Today’s topic is Lifestyle. On Mondays, we delve into the little things; changes that you can make or activities that you can implement to your routine that can improve your quality of life! Today’s subject is the negative impact of smoking!
Smoking is a dangerous and harmful habit that has severe consequences on the human body. It is the leading cause of preventable death and disease worldwide, causing cancer, heart disease, stroke, and lung diseases, among others. Moreover, smoking can also affect hormonal balance and disrupt the delicate system of hormones in the human body.
According to the World Health Organization (WHO, 2021), smoking causes about 1 in 3 cancers and is a major contributing factor to heart disease, stroke, and chronic obstructive pulmonary disease (COPD). It also increases the risk of respiratory infections and asthma, and it can worsen existing health conditions such as diabetes and depression. The chemicals in tobacco smoke can damage DNA and other genetic material in cells, leading to mutations and the development of cancer (American Cancer Society, 2020).
Cigarette smoke contains more than 7,000 chemicals, many of which are toxic and can cause cancer (National Cancer Institute, 2020). Some of the cancer-causing chemicals found in cigarette smoke include:
• Acetone: a solvent found in nail polish remover
• Acrolein: herbicide
• Arsenic: a poison
• Benzene: a gasoline additive
• Formaldehyde: a preservative used in mortuaries
• Polonium-210: a radioactive element
In addition to its physical effects, smoking also has social and mental pitfalls. It can lead to social isolation and discrimination, as many places have laws that restrict smoking in public places. It can also be a financial burden, as cigarettes are expensive and can drain a person’s financial resources. Furthermore, smoking can have negative impacts on mental health. It can increase the risk of anxiety and depression and worsen existing mental health conditions (Mental Health Foundation, 2021). Studies have shown that smoking is associated with an increased risk of developing psychiatric disorders, including schizophrenia, bipolar disorder, and posttraumatic stress disorder (PTSD) (Nordqvist, 2017).
There are several ways to quit smoking or find a better alternative. One option is to use nicotine replacement therapy (NRT), which can help reduce withdrawal symptoms and cravings. NRT products, such as gum, patches, and lozenges, are available over the counter or by prescription. Studies have shown that NRT can increase the chances of quitting smoking by 50-70% (WHO, 2021). Another option is to use prescription medications, such as bupropion or varenicline, which can help reduce cravings and withdrawal symptoms.
It is important to note that vaping is NOT a safer alternative to smoking. E-cigarette vapor contains potentially harmful substances, such as diacetyl (a chemical linked to serious lung disease), volatile organic compounds (VOCs), and heavy metals, such as nickel, tin, and lead (Centers for Disease Control and Prevention, 2020). These substances can be harmful when inhaled and can cause respiratory issues, such as coughing, wheezing, and shortness of breath (CDC, 2020). Furthermore, the nicotine in e-cigarettes is highly addictive and can harm brain development in adolescents and young adults (U.S. Department of Health and Human Services, 2020). So, if you vape as an alternative to traditional smoking, ditch the nic-stick, and try one of the abovementioned alternatives instead. Please consult a healthcare provider before starting any medication.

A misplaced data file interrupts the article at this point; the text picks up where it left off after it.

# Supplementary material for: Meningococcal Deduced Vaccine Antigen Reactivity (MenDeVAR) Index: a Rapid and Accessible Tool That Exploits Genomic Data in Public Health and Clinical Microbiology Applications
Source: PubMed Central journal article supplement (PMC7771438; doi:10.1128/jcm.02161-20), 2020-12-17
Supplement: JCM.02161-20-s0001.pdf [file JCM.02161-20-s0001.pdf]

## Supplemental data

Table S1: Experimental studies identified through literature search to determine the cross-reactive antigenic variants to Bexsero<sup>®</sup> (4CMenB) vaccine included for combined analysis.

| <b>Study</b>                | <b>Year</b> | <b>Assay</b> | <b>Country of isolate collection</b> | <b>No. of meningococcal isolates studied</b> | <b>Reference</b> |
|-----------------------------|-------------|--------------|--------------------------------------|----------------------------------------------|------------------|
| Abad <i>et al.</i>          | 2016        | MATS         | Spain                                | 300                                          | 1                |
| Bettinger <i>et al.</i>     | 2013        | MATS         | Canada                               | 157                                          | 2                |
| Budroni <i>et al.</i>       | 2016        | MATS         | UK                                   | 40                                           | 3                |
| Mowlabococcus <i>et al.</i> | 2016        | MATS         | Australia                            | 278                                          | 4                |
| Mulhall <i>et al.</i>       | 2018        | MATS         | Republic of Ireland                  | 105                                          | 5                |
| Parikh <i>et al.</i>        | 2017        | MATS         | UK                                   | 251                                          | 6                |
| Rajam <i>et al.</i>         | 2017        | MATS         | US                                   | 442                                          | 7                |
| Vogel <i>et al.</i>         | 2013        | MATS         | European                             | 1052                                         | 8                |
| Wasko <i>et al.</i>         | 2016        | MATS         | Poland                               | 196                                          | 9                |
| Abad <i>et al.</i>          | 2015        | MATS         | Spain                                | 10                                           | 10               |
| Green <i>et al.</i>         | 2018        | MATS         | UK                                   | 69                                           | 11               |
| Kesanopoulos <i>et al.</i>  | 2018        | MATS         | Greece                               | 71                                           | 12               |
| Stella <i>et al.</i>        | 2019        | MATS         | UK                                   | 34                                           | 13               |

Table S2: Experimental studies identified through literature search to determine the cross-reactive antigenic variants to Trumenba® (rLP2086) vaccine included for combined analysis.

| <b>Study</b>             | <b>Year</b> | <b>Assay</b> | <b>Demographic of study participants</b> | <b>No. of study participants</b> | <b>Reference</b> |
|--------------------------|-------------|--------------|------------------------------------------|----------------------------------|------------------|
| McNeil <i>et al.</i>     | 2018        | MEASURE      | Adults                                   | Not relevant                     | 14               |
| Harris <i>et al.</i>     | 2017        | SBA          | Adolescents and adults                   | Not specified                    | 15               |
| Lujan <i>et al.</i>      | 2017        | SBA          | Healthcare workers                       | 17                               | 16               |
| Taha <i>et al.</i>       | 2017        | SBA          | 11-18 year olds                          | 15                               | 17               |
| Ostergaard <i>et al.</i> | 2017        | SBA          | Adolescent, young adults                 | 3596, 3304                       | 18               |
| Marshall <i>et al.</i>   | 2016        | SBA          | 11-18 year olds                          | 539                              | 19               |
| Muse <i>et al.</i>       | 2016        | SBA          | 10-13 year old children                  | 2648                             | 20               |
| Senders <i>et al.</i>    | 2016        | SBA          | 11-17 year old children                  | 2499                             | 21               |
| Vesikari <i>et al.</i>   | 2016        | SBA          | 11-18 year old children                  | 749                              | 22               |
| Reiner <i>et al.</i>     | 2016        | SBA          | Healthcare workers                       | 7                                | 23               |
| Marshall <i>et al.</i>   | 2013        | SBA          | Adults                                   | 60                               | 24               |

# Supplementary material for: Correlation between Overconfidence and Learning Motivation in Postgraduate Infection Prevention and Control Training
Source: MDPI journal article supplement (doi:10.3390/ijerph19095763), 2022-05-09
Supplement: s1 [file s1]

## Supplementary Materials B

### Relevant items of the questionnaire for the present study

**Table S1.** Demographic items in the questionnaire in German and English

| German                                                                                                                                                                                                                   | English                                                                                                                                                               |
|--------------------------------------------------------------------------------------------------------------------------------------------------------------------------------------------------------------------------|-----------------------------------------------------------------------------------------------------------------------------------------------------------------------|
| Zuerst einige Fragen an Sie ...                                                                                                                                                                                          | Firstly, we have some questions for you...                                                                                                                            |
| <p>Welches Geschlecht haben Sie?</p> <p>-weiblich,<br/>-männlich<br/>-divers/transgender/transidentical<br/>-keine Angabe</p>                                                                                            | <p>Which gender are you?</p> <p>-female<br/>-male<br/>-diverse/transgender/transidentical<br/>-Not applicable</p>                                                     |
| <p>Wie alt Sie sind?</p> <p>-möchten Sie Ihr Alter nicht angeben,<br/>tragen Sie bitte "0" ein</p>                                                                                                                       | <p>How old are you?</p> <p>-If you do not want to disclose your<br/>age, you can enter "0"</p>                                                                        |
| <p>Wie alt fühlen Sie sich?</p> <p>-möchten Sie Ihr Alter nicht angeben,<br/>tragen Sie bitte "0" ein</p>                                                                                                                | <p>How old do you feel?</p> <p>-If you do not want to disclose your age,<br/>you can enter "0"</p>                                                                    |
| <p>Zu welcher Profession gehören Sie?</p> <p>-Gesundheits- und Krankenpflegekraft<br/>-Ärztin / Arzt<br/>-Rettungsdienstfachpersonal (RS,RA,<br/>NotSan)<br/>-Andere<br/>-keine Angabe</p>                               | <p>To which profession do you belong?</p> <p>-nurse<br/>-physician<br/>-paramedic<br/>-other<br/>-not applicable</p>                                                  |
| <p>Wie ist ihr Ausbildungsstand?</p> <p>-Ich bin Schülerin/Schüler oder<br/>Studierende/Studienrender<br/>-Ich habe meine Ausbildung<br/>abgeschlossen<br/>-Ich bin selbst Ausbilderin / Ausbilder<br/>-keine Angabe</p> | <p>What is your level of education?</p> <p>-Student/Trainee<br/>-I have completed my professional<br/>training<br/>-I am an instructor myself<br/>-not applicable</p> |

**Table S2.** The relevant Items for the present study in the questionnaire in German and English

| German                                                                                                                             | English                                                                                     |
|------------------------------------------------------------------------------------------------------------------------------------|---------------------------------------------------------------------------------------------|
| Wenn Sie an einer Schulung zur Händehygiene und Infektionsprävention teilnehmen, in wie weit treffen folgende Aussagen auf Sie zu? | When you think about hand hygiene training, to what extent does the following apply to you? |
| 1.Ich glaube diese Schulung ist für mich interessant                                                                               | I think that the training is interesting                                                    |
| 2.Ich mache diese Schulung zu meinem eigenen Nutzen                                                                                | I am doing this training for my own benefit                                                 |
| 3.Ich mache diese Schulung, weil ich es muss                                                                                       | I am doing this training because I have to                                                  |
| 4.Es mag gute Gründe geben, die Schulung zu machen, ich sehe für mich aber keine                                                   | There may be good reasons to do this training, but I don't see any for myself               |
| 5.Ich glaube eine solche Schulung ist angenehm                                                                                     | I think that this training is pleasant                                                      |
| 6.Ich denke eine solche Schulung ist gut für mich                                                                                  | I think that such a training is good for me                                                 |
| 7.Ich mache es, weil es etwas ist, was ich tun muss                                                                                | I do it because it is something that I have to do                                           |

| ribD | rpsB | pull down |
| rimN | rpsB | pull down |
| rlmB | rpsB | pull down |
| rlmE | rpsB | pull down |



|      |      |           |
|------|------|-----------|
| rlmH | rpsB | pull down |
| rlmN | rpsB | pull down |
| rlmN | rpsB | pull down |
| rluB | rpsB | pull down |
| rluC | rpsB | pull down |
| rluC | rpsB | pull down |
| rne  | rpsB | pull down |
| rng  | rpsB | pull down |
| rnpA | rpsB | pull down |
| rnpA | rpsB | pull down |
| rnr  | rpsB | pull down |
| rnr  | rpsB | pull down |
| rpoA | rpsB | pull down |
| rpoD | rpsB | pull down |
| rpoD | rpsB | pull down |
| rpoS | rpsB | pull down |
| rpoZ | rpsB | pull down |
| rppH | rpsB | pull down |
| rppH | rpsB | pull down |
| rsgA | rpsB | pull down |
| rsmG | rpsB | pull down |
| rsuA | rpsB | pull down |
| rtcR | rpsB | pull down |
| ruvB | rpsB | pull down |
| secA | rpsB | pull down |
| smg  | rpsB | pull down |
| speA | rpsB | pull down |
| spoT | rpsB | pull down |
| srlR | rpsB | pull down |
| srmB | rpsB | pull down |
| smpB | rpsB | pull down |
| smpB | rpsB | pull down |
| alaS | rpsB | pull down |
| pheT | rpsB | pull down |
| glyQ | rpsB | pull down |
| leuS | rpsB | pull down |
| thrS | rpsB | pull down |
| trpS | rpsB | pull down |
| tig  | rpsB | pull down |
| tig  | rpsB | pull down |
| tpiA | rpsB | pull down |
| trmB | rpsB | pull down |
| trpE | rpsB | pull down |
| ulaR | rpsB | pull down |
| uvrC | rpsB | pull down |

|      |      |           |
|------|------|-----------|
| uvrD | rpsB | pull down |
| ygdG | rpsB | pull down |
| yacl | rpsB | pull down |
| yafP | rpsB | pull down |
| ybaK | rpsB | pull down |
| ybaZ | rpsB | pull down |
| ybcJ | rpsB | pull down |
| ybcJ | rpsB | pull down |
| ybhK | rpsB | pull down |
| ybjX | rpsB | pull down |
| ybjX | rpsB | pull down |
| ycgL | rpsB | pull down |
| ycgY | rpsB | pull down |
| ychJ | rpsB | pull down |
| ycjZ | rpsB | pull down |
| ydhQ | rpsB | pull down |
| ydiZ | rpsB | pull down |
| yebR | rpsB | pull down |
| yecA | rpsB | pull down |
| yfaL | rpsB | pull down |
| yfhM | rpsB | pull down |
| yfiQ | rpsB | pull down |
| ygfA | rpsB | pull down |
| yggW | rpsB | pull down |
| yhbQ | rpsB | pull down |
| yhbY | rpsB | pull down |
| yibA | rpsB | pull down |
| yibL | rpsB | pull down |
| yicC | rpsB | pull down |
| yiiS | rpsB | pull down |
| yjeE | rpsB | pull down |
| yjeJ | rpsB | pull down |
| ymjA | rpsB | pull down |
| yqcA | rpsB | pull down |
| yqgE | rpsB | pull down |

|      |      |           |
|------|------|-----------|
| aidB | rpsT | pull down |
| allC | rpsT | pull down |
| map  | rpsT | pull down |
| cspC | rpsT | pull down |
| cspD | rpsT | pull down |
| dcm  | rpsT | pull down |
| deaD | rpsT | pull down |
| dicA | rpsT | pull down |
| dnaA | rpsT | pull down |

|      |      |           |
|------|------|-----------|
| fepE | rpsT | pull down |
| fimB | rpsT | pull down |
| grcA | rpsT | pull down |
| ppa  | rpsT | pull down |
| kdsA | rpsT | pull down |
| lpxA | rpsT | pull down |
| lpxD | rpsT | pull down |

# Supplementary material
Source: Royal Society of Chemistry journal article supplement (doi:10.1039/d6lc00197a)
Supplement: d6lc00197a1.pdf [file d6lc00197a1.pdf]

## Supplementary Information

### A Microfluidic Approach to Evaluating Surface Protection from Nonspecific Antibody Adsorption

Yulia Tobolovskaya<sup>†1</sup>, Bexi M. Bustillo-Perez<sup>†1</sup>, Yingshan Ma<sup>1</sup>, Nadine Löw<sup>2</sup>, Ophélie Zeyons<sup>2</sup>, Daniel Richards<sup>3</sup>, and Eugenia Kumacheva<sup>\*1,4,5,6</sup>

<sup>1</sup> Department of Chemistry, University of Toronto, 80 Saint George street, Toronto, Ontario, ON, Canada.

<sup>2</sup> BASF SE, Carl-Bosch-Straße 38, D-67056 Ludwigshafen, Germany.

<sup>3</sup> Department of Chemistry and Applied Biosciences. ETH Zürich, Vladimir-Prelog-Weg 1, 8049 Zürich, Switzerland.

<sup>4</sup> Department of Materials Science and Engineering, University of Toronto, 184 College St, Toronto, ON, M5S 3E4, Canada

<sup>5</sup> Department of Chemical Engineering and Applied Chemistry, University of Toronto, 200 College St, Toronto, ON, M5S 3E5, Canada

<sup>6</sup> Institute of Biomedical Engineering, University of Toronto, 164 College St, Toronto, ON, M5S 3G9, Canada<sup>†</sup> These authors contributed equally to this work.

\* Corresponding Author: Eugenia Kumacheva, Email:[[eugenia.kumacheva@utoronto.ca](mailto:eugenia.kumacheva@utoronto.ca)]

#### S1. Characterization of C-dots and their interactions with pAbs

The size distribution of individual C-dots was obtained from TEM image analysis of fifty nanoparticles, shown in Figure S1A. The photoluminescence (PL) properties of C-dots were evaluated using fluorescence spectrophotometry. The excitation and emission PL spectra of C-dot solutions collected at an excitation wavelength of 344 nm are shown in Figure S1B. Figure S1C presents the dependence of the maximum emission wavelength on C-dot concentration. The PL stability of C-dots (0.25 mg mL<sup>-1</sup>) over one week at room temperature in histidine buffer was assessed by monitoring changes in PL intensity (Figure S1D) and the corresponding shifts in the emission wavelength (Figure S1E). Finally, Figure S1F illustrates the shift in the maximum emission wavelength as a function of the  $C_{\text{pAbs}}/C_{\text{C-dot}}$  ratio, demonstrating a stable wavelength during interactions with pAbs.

Counseling or support from friends and family can also help you quit smoking. Many local and national organizations, such as the American Lung Association, offer resources and support for people trying to quit smoking. Smoking is a dangerous and harmful habit that has severe consequences on the human body, including disrupting hormonal balance. It can cause cancer, heart disease, stroke, and other health conditions, and it has social and mental pitfalls. There are several options available to help people quit smoking, such as NRT, prescription medications, and counseling. Remember, it’s always better to breathe air than to breathe smoke. Until next time…
- American Cancer Society (2020). How tobacco smoke causes disease: The biology and behavioral basis for smoking-attributable disease: A report of the Surgeon General. Retrieved from https://www.surgeongeneral.gov/library/reports/how-tobacco-smoke-causes-disease/index.html
- Mental Health Foundation (2021). Smoking and mental health. Retrieved from https://www.mentalhealth.org.uk/a-to-z/s/smoking-and-mental-health
- National Cancer Institute (2020). Cigarette smoking. Retrieved from https://www.cancer.gov/about-cancer/causes-prevention/risk/tobacco/cigarette-smoking-fact-sheet
- WHO (2021). Tobacco. Retrieved from https://www.who.int/topics/tobacco/en/
- Centers for Disease Control and Prevention (2020). Electronic cigarettes (e-cigarettes). Retrieved from https://www.cdc.gov/tobacco/basic_information/e-cigarettes/index.htm
- U.S. Department of Health and Human Services (2020). E-cigarettes. Retrieved from https://www.hhs.gov/ash/oah/adolescent-development/substance-use/e-cigarettes/index.html U.S.
- Food and Drug Administration (2020). Electronic cigarettes (e-cigarettes). Retrieved from https://www.fda.gov/tobacco-products/products-ingredients-components/electronic-cigarettes-e-cigarettes